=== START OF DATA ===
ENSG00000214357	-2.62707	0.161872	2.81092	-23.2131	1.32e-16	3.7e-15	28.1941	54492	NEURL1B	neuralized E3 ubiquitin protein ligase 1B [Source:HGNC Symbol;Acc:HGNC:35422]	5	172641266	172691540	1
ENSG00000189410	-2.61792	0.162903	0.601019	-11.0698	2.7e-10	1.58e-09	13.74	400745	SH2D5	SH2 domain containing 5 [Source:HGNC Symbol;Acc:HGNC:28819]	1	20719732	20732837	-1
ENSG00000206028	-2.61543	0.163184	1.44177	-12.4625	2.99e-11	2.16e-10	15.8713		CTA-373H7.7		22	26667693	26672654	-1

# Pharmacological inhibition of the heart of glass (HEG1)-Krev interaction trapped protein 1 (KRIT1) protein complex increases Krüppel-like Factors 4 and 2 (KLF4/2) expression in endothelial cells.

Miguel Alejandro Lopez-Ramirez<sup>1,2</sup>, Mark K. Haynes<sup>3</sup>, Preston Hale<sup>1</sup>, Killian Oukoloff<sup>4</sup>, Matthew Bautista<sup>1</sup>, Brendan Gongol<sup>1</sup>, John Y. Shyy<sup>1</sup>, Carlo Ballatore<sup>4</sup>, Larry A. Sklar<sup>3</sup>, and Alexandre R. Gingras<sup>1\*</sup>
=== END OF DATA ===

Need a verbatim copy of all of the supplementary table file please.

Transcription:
ENSG00000214357	-2.62707	0.161872	2.81092	-23.2131	1.32e-16	3.7e-15	28.1941	54492	NEURL1B	neuralized E3 ubiquitin protein ligase 1B [Source:HGNC Symbol;Acc:HGNC:35422]	5	172641266	172691540	1
ENSG00000189410	-2.61792	0.162903	0.601019	-11.0698	2.7e-10	1.58e-09	13.74	400745	SH2D5	SH2 domain containing 5 [Source:HGNC Symbol;Acc:HGNC:28819]	1	20719732	20732837	-1
ENSG00000206028	-2.61543	0.163184	1.44177	-12.4625	2.99e-11	2.16e-10	15.8713		CTA-373H7.7		22	26667693	26672654	-1

# Pharmacological inhibition of the heart of glass (HEG1)-Krev interaction trapped protein 1 (KRIT1) protein complex increases Krüppel-like Factors 4 and 2 (KLF4/2) expression in endothelial cells.

Miguel Alejandro Lopez-Ramirez<sup>1,2</sup>, Mark K. Haynes<sup>3</sup>, Preston Hale<sup>1</sup>, Killian Oukoloff<sup>4</sup>, Matthew Bautista<sup>1</sup>, Brendan Gongol<sup>1</sup>, John Y. Shyy<sup>1</sup>, Carlo Ballatore<sup>4</sup>, Larry A. Sklar<sup>3</sup>, and Alexandre R. Gingras<sup>1\*</sup>